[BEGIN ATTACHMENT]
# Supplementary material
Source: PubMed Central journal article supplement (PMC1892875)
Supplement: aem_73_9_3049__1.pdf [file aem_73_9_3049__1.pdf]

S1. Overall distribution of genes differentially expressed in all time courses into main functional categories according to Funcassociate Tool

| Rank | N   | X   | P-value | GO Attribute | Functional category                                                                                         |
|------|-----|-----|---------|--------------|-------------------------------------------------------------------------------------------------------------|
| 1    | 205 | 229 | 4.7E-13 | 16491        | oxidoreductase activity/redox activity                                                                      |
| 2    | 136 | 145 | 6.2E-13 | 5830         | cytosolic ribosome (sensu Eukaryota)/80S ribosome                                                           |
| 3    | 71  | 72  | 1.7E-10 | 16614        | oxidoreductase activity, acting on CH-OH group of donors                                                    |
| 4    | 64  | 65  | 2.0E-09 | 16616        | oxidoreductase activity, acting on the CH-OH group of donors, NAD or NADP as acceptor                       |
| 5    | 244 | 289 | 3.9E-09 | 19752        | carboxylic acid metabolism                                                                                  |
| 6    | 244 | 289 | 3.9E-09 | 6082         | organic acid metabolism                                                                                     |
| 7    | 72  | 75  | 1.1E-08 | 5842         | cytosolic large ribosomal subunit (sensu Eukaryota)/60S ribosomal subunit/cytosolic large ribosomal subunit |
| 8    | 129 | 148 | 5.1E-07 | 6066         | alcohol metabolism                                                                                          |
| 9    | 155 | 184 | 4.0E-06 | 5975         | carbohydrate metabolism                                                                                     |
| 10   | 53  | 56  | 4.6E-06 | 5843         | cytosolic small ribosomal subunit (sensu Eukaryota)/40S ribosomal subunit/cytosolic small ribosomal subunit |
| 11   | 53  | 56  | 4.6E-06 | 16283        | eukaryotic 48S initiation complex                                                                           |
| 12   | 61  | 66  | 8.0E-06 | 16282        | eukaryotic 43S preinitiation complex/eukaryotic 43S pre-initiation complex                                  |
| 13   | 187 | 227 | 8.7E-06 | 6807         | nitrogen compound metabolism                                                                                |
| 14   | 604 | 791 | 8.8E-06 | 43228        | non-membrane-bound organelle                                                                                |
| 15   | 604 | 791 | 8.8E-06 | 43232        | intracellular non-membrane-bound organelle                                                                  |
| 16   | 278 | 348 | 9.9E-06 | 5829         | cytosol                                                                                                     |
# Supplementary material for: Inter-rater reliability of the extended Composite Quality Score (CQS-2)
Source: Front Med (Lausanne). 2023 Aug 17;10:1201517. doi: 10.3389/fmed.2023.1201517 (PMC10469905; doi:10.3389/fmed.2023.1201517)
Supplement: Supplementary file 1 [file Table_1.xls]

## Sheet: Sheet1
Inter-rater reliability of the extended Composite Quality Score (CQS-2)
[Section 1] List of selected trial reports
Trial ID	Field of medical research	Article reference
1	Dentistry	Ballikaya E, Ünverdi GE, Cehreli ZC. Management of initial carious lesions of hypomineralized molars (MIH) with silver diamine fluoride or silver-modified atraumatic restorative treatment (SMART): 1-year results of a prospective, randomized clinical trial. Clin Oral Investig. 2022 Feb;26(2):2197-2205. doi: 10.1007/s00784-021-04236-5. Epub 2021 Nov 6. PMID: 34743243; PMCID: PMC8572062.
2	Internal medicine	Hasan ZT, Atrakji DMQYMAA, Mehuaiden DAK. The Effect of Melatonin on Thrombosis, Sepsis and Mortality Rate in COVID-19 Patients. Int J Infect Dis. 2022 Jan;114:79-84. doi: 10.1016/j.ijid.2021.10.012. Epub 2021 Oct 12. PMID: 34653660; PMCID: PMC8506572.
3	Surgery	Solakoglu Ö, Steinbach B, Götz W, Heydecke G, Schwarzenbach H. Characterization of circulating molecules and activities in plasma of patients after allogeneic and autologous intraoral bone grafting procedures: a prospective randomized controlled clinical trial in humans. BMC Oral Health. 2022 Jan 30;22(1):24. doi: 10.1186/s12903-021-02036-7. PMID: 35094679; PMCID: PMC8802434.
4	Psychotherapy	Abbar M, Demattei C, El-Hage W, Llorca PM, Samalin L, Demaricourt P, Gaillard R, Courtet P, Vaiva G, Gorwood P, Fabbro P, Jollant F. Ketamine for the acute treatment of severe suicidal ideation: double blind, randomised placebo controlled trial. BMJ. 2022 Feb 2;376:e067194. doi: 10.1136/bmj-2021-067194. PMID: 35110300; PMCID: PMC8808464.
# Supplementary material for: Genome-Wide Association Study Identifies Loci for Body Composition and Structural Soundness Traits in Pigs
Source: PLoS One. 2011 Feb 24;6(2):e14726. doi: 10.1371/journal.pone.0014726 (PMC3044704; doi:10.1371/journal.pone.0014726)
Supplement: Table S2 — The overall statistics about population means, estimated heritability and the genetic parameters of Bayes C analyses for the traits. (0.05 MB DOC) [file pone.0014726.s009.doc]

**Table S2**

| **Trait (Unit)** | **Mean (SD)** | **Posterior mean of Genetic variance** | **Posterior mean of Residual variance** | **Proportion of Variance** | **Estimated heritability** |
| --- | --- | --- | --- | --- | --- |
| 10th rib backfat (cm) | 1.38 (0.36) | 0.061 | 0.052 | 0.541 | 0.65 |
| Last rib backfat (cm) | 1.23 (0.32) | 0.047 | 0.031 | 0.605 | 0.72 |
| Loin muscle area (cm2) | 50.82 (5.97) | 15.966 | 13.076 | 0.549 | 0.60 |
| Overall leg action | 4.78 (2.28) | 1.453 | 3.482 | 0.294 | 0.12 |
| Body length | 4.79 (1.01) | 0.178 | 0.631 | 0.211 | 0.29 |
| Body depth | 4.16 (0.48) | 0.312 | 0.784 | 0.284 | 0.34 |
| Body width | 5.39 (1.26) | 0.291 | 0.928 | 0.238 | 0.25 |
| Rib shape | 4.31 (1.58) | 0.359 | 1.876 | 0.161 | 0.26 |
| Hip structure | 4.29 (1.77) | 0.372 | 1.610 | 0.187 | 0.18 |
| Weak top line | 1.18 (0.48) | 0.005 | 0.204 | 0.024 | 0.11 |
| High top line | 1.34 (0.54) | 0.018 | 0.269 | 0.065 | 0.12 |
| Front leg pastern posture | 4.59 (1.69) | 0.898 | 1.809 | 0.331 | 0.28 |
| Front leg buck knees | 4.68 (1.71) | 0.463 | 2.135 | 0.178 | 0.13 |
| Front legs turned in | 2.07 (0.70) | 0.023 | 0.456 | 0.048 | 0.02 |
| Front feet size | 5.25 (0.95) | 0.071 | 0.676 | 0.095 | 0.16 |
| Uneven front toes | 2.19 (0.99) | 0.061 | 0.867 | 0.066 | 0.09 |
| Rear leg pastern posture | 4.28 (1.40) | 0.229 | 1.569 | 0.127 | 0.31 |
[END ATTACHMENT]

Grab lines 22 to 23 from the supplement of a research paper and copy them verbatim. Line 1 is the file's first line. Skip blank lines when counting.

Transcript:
| 16   | 278 | 348 | 9.9E-06 | 5829         | cytosol                                                                                                     |
# Supplementary material for: Inter-rater reliability of the extended Composite Quality Score (CQS-2)